All This Hardware And No Uptime
SharePoint is pretty heavy. I often think of it as an 800 pound gorilla who stopped exercising and let itself slide. To handle all the services that run within a farm and provide decent response time to users, a reasonable amount of hardware usually gets provisioned to pick up the slack.
I'm talking about real iron here. Large farms featuring clustered SQL Servers, redundant application servers, and a series of web front ends balanced with either a network load balancer or a Microsoft NLB cluster.
One might look at all this gear and think that as a result, the farm is almost guaranteed to enjoy some pretty high availability right? Well I guess that depends on what you call high availability.
A Desire for High Availability
|\||Total downtime (HH:MM:SS)|
|Availability||per day||per month||per year|
Heavy Patches, And Lots of Them
The biggest hurdle I've had with providing high availability to clients with SharePoint has come from the patching procedures issued from Microsoft. Normally when updating applications/machines it's possible to update one machine at a time, using your load balancer to shelter this machine from production. Once the machine has has been updated you can bring it back into production and start updating one of it's siblings. With SharePoint this process gets a little more complicated. Here are a couple of the reasons:
- There's no uninstall/rollback for most SharePoint updates (your best bet for uninstall is a machine level backup).
- The recommended install procedure dictates that you stop all IIS instances for Web Front Ends. This makes it difficult to continue to provide service or at the very least hold up a stall/maintenance page.
- The recommended install procedure asks that you upgrade all machines on the farm at the same time.
- There's usually at least one machine in the farm that rejects the upgrade and needs to be troubleshot individually. For me these have often resulted in removing the machine from the farm, upgrading it, and then adding it back to the farm. This usually adds to server downtime, especially if the server was serving a key role (ie: SSP host or the machine that hosts the Central Administration web site).
Assuming you manage to make it through all the above without a lot of downtime, how many times a year do you think you might be able to do it and still maintain a reasonable downtime SLA? Before you answer that, consider all the updates that have come down the pipe for WSS since it's RTM (it's SharePoint 2007 remember). This is also just a list of updates for WSS, there's a whole other table for MOSS (although most of the dates and versions coincide).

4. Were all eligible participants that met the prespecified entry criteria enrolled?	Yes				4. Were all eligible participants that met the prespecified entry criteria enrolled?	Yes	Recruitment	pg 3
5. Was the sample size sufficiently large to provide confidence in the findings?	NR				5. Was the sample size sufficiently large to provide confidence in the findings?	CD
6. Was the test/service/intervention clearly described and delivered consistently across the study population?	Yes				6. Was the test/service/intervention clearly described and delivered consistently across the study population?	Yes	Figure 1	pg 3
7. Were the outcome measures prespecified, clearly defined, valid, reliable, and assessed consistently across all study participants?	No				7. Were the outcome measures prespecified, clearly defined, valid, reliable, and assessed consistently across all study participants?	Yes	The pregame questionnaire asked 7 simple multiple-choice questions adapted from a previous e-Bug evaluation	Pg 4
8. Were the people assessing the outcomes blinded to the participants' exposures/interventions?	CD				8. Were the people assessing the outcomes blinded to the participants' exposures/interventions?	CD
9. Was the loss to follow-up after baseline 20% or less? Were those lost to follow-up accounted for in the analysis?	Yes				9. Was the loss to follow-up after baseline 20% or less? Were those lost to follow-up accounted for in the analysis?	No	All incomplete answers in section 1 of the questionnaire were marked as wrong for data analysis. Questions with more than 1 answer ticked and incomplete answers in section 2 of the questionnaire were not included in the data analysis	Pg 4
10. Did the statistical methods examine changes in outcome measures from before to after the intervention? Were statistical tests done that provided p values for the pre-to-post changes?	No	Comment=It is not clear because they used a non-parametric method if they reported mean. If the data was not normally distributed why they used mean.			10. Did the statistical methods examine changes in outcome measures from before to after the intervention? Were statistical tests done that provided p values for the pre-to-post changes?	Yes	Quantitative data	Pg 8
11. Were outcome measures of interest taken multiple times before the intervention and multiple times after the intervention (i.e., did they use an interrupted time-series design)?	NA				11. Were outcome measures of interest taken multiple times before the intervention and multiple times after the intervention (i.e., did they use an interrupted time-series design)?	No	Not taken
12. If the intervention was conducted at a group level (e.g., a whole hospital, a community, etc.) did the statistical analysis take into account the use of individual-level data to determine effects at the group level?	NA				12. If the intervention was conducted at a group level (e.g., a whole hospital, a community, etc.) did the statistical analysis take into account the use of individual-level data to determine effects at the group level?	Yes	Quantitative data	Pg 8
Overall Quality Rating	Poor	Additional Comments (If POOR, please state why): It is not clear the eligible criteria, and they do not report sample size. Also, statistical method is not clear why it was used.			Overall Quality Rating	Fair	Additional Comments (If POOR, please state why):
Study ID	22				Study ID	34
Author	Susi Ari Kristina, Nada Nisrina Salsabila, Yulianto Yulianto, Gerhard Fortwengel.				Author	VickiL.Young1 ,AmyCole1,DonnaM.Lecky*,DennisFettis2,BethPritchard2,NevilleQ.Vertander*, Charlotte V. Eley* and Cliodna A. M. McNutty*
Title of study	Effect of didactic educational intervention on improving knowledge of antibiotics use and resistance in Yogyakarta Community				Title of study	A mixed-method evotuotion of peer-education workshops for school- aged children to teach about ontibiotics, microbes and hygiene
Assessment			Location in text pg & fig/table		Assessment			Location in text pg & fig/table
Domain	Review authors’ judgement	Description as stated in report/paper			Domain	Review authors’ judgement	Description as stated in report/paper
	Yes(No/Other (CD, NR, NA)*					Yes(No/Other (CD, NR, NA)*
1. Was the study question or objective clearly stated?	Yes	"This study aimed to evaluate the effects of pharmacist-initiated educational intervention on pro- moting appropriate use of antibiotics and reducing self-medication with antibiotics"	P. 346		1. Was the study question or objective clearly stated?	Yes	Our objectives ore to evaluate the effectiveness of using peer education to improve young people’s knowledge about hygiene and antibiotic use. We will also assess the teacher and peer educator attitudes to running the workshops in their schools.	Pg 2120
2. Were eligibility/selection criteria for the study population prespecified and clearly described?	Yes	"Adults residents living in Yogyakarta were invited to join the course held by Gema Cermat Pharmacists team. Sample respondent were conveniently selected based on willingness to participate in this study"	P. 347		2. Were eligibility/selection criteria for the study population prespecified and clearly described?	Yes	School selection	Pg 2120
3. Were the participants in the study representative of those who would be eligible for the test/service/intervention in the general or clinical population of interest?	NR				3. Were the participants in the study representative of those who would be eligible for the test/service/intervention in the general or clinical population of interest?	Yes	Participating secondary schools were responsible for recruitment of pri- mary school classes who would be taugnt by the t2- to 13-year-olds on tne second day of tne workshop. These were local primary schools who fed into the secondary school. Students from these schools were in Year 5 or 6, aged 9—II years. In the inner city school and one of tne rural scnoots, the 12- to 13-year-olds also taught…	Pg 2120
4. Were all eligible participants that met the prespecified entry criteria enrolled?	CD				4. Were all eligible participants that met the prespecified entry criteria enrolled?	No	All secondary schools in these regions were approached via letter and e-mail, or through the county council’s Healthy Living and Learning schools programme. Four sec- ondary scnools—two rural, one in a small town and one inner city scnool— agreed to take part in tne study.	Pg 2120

|Update Name||Version (owssrv.dll)||Date|
|Windows SharePoint Services v3.0||12.0.4518.1016 (RTM)||November 2006|
|October public update (2007)||12.0.6039.5000||October 2007|
|Service Pack 1||12.0.6219.1000||December 2007|
|Post-Service Pack 1 rollup||12.0.6300.5000||March 2008|
|Infrastructure Update||12.0.6320.5000||July 2008|
|August Cumulative Update||12.0.6327.5000||August 2008|
|October Cumulative Update||12.0.6331.5000||October 2008|
Don't get me wrong, updates are good. In fact, I like it when Microsoft fixes things, especially when the clients who have purchased MOSS have already paid potentially millions in licensing fees. I just wished these updates which happen many times a year AND provide critical fixes to expected functionality had better upgrade strategies.
Do SharePoint updates and the way in which SharePoint farms are upgraded make high availability a pipe dream? Does all that hardware do nothing except help the farm scale out?
A Little Transparency
In fact all I'm really looking for from these updates is a little transparency. I'd be thrilled if I could get a little more detail as to what's going on underneath the hood and what to do when the error log starts filling up.
I've yet to see a really good troubleshooting strategy or even deployment strategy that gives you good odds of limiting downtime when it comes time to roll out these upgrades.
We have a ticket open with MS support to take up this issue. The wait for SharePoint related issues is still pretty long, but rest assured should I come up with one or find a good resource for these kinds of rollouts you'll know where you'll find it.